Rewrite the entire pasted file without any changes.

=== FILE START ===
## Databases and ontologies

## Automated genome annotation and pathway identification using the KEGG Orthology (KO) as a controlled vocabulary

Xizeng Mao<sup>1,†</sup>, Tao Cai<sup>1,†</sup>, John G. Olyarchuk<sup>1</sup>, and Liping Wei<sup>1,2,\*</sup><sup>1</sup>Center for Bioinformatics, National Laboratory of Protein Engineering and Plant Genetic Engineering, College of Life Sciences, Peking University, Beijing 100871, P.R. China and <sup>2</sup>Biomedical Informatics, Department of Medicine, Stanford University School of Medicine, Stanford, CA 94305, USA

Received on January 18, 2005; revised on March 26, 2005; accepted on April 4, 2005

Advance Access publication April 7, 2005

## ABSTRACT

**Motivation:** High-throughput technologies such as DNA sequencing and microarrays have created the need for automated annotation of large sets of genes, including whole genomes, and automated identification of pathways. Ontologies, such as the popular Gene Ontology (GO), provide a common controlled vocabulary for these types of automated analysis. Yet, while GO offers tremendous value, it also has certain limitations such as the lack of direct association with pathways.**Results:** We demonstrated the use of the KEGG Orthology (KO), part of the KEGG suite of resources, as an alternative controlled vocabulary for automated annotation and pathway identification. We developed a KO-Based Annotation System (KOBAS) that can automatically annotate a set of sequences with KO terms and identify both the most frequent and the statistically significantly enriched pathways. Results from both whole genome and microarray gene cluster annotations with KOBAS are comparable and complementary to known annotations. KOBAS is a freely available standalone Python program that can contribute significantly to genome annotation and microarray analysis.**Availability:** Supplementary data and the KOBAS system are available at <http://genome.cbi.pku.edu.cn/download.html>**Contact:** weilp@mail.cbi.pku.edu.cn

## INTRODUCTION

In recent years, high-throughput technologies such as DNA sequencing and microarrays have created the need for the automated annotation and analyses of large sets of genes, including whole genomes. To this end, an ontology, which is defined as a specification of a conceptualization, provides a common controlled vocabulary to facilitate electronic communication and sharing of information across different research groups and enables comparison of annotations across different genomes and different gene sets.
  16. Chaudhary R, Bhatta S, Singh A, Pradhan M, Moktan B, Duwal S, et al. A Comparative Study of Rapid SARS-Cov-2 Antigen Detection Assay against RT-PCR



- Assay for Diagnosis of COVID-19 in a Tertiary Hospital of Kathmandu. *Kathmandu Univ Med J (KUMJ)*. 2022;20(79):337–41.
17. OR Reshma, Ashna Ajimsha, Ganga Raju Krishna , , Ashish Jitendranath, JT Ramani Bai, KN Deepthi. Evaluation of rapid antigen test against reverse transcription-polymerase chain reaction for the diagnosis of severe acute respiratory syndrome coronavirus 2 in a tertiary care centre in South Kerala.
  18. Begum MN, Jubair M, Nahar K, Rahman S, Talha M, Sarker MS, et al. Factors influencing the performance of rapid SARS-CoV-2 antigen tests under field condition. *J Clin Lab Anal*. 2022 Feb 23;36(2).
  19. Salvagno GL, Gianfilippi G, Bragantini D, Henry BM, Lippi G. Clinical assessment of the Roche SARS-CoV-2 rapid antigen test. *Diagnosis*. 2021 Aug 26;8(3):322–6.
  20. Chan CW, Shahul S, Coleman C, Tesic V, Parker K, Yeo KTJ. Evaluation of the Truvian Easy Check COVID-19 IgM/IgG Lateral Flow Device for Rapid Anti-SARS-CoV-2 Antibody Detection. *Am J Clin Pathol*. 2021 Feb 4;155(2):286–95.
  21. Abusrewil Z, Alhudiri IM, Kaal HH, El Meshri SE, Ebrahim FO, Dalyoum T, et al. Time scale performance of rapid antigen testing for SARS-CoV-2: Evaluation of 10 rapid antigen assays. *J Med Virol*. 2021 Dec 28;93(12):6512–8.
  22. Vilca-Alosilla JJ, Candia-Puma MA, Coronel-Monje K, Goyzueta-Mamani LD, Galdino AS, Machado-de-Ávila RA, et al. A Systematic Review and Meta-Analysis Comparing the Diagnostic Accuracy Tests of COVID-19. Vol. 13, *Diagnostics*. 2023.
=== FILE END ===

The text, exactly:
## Databases and ontologies

## Automated genome annotation and pathway identification using the KEGG Orthology (KO) as a controlled vocabulary

Xizeng Mao<sup>1,†</sup>, Tao Cai<sup>1,†</sup>, John G. Olyarchuk<sup>1</sup>, and Liping Wei<sup>1,2,\*</sup><sup>1</sup>Center for Bioinformatics, National Laboratory of Protein Engineering and Plant Genetic Engineering, College of Life Sciences, Peking University, Beijing 100871, P.R. China and <sup>2</sup>Biomedical Informatics, Department of Medicine, Stanford University School of Medicine, Stanford, CA 94305, USA

Received on January 18, 2005; revised on March 26, 2005; accepted on April 4, 2005

Advance Access publication April 7, 2005

## ABSTRACT

**Motivation:** High-throughput technologies such as DNA sequencing and microarrays have created the need for automated annotation of large sets of genes, including whole genomes, and automated identification of pathways. Ontologies, such as the popular Gene Ontology (GO), provide a common controlled vocabulary for these types of automated analysis. Yet, while GO offers tremendous value, it also has certain limitations such as the lack of direct association with pathways.**Results:** We demonstrated the use of the KEGG Orthology (KO), part of the KEGG suite of resources, as an alternative controlled vocabulary for automated annotation and pathway identification. We developed a KO-Based Annotation System (KOBAS) that can automatically annotate a set of sequences with KO terms and identify both the most frequent and the statistically significantly enriched pathways. Results from both whole genome and microarray gene cluster annotations with KOBAS are comparable and complementary to known annotations. KOBAS is a freely available standalone Python program that can contribute significantly to genome annotation and microarray analysis.**Availability:** Supplementary data and the KOBAS system are available at <http://genome.cbi.pku.edu.cn/download.html>**Contact:** weilp@mail.cbi.pku.edu.cn

## INTRODUCTION

In recent years, high-throughput technologies such as DNA sequencing and microarrays have created the need for the automated annotation and analyses of large sets of genes, including whole genomes. To this end, an ontology, which is defined as a specification of a conceptualization, provides a common controlled vocabulary to facilitate electronic communication and sharing of information across different research groups and enables comparison of annotations across different genomes and different gene sets.
  16. Chaudhary R, Bhatta S, Singh A, Pradhan M, Moktan B, Duwal S, et al. A Comparative Study of Rapid SARS-Cov-2 Antigen Detection Assay against RT-PCR



- Assay for Diagnosis of COVID-19 in a Tertiary Hospital of Kathmandu. *Kathmandu Univ Med J (KUMJ)*. 2022;20(79):337–41.
17. OR Reshma, Ashna Ajimsha, Ganga Raju Krishna , , Ashish Jitendranath, JT Ramani Bai, KN Deepthi. Evaluation of rapid antigen test against reverse transcription-polymerase chain reaction for the diagnosis of severe acute respiratory syndrome coronavirus 2 in a tertiary care centre in South Kerala.
  18. Begum MN, Jubair M, Nahar K, Rahman S, Talha M, Sarker MS, et al. Factors influencing the performance of rapid SARS-CoV-2 antigen tests under field condition. *J Clin Lab Anal*. 2022 Feb 23;36(2).
  19. Salvagno GL, Gianfilippi G, Bragantini D, Henry BM, Lippi G. Clinical assessment of the Roche SARS-CoV-2 rapid antigen test. *Diagnosis*. 2021 Aug 26;8(3):322–6.
  20. Chan CW, Shahul S, Coleman C, Tesic V, Parker K, Yeo KTJ. Evaluation of the Truvian Easy Check COVID-19 IgM/IgG Lateral Flow Device for Rapid Anti-SARS-CoV-2 Antibody Detection. *Am J Clin Pathol*. 2021 Feb 4;155(2):286–95.
  21. Abusrewil Z, Alhudiri IM, Kaal HH, El Meshri SE, Ebrahim FO, Dalyoum T, et al. Time scale performance of rapid antigen testing for SARS-CoV-2: Evaluation of 10 rapid antigen assays. *J Med Virol*. 2021 Dec 28;93(12):6512–8.
  22. Vilca-Alosilla JJ, Candia-Puma MA, Coronel-Monje K, Goyzueta-Mamani LD, Galdino AS, Machado-de-Ávila RA, et al. A Systematic Review and Meta-Analysis Comparing the Diagnostic Accuracy Tests of COVID-19. Vol. 13, *Diagnostics*. 2023.